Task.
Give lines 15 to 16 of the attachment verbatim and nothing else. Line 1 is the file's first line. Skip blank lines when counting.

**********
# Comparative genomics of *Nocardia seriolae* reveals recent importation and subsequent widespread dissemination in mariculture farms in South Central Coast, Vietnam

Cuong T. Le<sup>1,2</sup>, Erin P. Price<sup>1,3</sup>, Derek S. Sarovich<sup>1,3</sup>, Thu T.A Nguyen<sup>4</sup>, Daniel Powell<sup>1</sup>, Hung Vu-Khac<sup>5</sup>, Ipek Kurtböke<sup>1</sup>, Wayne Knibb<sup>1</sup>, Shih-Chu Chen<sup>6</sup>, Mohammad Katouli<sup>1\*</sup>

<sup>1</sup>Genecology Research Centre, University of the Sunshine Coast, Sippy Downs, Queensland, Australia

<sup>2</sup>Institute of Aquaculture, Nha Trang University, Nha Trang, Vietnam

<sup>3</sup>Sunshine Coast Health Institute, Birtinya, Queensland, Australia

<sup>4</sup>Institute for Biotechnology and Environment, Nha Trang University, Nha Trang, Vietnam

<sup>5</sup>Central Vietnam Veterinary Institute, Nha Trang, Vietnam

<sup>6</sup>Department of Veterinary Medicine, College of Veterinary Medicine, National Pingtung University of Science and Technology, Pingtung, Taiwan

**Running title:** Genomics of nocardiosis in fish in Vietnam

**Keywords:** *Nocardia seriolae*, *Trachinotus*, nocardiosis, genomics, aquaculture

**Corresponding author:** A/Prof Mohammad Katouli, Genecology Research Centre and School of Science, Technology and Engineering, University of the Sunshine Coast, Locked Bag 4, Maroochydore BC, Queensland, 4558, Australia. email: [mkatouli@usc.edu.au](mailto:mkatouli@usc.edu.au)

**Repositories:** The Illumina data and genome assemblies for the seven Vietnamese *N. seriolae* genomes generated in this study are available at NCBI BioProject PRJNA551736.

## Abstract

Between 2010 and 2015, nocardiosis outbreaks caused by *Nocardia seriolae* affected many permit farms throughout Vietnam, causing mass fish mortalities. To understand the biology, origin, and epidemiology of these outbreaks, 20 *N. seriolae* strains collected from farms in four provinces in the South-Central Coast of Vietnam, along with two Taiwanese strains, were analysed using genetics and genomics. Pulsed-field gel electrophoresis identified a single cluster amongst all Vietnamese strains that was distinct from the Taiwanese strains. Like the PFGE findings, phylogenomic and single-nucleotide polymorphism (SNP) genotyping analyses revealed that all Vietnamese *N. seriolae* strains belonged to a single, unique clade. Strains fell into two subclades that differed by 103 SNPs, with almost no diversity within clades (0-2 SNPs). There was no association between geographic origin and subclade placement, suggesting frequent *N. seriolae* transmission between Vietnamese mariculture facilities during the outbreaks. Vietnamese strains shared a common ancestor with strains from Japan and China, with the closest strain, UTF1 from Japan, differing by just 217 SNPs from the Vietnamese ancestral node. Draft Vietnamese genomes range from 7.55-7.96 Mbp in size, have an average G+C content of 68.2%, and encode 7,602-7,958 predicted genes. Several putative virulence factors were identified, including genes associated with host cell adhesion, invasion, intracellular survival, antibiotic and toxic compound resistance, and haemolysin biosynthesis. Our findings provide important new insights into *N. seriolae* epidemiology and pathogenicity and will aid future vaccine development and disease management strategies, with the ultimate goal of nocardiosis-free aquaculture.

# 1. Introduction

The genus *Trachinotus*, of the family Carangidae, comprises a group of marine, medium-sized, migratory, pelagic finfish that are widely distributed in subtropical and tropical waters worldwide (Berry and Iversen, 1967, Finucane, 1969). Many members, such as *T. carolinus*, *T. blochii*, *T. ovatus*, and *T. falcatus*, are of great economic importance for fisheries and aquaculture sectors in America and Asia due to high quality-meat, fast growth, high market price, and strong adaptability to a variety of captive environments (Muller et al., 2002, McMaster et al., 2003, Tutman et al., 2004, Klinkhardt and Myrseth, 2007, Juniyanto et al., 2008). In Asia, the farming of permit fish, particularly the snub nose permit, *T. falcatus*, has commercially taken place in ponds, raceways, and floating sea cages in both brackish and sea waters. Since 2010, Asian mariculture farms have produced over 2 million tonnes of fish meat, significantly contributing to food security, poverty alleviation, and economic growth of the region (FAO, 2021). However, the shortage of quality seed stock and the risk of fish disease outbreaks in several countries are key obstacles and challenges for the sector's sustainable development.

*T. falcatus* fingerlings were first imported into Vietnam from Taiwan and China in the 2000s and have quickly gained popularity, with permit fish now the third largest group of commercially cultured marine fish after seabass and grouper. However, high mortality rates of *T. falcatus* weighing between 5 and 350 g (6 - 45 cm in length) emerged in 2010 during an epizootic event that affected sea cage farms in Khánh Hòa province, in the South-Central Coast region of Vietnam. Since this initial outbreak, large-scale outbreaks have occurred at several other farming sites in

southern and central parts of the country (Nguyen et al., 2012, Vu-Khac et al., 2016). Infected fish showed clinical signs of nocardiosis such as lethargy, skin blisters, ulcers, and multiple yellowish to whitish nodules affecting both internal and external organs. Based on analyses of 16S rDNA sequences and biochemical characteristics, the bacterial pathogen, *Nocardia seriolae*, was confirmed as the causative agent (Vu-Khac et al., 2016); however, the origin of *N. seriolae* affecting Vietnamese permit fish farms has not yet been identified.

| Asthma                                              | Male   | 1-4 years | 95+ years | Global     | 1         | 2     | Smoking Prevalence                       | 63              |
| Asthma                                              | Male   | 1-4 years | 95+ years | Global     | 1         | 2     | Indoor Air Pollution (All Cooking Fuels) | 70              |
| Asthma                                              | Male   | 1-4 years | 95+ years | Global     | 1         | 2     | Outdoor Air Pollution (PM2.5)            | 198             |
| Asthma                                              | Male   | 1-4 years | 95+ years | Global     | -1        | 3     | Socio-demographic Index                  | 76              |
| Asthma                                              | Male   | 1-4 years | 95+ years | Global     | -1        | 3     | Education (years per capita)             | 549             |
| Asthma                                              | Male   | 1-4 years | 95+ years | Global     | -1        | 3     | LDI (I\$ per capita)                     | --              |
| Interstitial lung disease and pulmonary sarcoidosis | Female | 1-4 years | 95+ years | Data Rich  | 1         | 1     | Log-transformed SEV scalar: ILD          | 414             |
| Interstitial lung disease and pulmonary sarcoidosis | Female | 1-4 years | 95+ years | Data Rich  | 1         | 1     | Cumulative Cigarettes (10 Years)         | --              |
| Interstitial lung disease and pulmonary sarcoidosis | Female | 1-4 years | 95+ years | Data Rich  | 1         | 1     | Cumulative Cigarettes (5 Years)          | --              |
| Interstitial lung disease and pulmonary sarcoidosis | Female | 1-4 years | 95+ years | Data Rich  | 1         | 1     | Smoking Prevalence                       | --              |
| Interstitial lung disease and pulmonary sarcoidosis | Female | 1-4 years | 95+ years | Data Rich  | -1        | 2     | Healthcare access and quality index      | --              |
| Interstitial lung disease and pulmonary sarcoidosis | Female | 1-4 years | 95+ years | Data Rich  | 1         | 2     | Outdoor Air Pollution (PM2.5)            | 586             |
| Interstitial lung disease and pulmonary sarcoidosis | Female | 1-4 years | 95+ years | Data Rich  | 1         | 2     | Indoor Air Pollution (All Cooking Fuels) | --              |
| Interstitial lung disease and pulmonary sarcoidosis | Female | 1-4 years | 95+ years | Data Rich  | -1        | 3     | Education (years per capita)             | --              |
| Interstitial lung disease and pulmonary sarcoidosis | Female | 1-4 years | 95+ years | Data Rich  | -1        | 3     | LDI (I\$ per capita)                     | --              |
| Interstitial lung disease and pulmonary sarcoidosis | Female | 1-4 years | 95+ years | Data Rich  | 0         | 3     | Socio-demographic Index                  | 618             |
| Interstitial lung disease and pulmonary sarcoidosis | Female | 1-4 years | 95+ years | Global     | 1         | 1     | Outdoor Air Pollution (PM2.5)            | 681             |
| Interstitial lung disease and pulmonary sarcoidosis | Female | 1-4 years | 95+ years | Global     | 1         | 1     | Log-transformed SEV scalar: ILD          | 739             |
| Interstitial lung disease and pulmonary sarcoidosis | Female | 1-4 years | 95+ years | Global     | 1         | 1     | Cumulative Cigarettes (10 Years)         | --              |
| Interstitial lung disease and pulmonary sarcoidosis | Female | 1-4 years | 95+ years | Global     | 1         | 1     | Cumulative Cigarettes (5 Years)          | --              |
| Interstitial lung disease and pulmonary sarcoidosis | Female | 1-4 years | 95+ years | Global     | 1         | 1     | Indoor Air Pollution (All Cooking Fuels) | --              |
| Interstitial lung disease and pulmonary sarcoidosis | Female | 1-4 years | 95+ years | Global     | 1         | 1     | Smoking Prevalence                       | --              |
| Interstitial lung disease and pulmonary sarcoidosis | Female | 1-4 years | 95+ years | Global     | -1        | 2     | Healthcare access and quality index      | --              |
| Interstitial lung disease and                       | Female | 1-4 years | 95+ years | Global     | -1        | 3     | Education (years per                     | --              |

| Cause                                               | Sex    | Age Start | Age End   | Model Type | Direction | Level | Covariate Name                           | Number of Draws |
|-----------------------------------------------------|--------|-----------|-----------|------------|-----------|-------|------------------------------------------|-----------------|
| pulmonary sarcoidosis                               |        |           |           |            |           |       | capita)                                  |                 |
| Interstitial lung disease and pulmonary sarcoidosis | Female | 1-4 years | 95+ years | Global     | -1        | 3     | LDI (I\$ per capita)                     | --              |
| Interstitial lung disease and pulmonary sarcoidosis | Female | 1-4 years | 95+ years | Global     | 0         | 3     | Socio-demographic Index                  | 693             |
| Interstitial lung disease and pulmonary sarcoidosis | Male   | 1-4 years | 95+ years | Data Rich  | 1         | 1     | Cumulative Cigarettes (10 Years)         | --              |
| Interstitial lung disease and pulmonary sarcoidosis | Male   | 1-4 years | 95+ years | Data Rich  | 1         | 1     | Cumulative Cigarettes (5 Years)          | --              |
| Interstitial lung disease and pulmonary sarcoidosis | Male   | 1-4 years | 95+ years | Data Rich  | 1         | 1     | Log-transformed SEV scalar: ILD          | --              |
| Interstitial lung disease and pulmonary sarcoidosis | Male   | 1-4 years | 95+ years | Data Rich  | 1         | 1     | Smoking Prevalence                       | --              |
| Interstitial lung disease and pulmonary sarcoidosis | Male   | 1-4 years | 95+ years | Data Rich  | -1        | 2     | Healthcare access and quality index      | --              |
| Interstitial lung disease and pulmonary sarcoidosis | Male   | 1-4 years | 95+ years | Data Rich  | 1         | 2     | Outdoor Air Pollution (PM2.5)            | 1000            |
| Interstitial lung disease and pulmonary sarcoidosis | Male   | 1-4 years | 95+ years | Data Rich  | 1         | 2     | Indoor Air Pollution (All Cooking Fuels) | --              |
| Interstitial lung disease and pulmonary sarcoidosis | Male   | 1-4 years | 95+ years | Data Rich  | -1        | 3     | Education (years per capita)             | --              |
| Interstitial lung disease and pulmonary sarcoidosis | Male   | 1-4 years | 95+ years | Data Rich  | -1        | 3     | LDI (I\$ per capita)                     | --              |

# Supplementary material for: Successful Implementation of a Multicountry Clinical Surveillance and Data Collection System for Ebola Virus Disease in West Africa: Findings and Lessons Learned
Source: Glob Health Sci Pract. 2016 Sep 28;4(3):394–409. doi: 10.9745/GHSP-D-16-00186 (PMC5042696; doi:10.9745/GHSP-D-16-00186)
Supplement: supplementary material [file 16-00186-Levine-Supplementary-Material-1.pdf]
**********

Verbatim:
# 1. Introduction

The genus *Trachinotus*, of the family Carangidae, comprises a group of marine, medium-sized, migratory, pelagic finfish that are widely distributed in subtropical and tropical waters worldwide (Berry and Iversen, 1967, Finucane, 1969). Many members, such as *T. carolinus*, *T. blochii*, *T. ovatus*, and *T. falcatus*, are of great economic importance for fisheries and aquaculture sectors in America and Asia due to high quality-meat, fast growth, high market price, and strong adaptability to a variety of captive environments (Muller et al., 2002, McMaster et al., 2003, Tutman et al., 2004, Klinkhardt and Myrseth, 2007, Juniyanto et al., 2008). In Asia, the farming of permit fish, particularly the snub nose permit, *T. falcatus*, has commercially taken place in ponds, raceways, and floating sea cages in both brackish and sea waters. Since 2010, Asian mariculture farms have produced over 2 million tonnes of fish meat, significantly contributing to food security, poverty alleviation, and economic growth of the region (FAO, 2021). However, the shortage of quality seed stock and the risk of fish disease outbreaks in several countries are key obstacles and challenges for the sector's sustainable development.